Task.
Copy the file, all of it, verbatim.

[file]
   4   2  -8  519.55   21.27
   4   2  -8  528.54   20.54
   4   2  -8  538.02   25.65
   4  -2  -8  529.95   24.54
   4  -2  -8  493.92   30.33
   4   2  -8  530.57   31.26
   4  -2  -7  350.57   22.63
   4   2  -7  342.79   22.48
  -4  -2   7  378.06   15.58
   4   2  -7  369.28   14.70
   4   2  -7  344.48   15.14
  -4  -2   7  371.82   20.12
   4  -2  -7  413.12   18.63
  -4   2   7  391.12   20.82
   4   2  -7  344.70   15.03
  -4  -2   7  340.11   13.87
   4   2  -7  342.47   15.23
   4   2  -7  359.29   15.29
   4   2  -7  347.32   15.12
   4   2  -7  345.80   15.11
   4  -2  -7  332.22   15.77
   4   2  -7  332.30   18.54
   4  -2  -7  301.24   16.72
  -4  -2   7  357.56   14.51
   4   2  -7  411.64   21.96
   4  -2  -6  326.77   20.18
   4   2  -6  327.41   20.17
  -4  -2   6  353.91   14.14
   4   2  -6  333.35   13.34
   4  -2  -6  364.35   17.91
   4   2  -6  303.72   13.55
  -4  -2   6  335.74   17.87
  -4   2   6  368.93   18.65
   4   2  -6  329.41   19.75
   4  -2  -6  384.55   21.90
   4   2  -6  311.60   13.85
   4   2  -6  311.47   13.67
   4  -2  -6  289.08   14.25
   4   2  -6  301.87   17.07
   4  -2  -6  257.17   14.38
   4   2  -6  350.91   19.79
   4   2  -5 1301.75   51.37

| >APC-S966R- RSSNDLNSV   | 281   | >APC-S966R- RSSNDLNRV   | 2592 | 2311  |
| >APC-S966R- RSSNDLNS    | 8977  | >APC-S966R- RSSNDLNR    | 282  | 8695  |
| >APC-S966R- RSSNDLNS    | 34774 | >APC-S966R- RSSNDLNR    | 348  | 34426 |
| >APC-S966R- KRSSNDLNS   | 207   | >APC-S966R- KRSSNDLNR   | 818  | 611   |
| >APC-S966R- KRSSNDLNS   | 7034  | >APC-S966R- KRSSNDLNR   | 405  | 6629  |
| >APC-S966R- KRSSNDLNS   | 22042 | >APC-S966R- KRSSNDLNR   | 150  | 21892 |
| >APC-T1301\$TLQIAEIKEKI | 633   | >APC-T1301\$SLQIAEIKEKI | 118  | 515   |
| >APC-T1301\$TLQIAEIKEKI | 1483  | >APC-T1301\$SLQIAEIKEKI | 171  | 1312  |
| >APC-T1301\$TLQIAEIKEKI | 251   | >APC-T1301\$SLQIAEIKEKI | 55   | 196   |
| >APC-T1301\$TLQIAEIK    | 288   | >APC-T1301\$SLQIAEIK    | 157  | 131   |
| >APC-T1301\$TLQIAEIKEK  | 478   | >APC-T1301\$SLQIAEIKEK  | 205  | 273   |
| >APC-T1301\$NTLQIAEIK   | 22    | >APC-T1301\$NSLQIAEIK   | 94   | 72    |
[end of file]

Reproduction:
   4   2  -8  519.55   21.27
   4   2  -8  528.54   20.54
   4   2  -8  538.02   25.65
   4  -2  -8  529.95   24.54
   4  -2  -8  493.92   30.33
   4   2  -8  530.57   31.26
   4  -2  -7  350.57   22.63
   4   2  -7  342.79   22.48
  -4  -2   7  378.06   15.58
   4   2  -7  369.28   14.70
   4   2  -7  344.48   15.14
  -4  -2   7  371.82   20.12
   4  -2  -7  413.12   18.63
  -4   2   7  391.12   20.82
   4   2  -7  344.70   15.03
  -4  -2   7  340.11   13.87
   4   2  -7  342.47   15.23
   4   2  -7  359.29   15.29
   4   2  -7  347.32   15.12
   4   2  -7  345.80   15.11
   4  -2  -7  332.22   15.77
   4   2  -7  332.30   18.54
   4  -2  -7  301.24   16.72
  -4  -2   7  357.56   14.51
   4   2  -7  411.64   21.96
   4  -2  -6  326.77   20.18
   4   2  -6  327.41   20.17
  -4  -2   6  353.91   14.14
   4   2  -6  333.35   13.34
   4  -2  -6  364.35   17.91
   4   2  -6  303.72   13.55
  -4  -2   6  335.74   17.87
  -4   2   6  368.93   18.65
   4   2  -6  329.41   19.75
   4  -2  -6  384.55   21.90
   4   2  -6  311.60   13.85
   4   2  -6  311.47   13.67
   4  -2  -6  289.08   14.25
   4   2  -6  301.87   17.07
   4  -2  -6  257.17   14.38
   4   2  -6  350.91   19.79
   4   2  -5 1301.75   51.37

| >APC-S966R- RSSNDLNSV   | 281   | >APC-S966R- RSSNDLNRV   | 2592 | 2311  |
| >APC-S966R- RSSNDLNS    | 8977  | >APC-S966R- RSSNDLNR    | 282  | 8695  |
| >APC-S966R- RSSNDLNS    | 34774 | >APC-S966R- RSSNDLNR    | 348  | 34426 |
| >APC-S966R- KRSSNDLNS   | 207   | >APC-S966R- KRSSNDLNR   | 818  | 611   |
| >APC-S966R- KRSSNDLNS   | 7034  | >APC-S966R- KRSSNDLNR   | 405  | 6629  |
| >APC-S966R- KRSSNDLNS   | 22042 | >APC-S966R- KRSSNDLNR   | 150  | 21892 |
| >APC-T1301\$TLQIAEIKEKI | 633   | >APC-T1301\$SLQIAEIKEKI | 118  | 515   |
| >APC-T1301\$TLQIAEIKEKI | 1483  | >APC-T1301\$SLQIAEIKEKI | 171  | 1312  |
| >APC-T1301\$TLQIAEIKEKI | 251   | >APC-T1301\$SLQIAEIKEKI | 55   | 196   |
| >APC-T1301\$TLQIAEIK    | 288   | >APC-T1301\$SLQIAEIK    | 157  | 131   |
| >APC-T1301\$TLQIAEIKEK  | 478   | >APC-T1301\$SLQIAEIKEK  | 205  | 273   |
| >APC-T1301\$NTLQIAEIK   | 22    | >APC-T1301\$NSLQIAEIK   | 94   | 72    |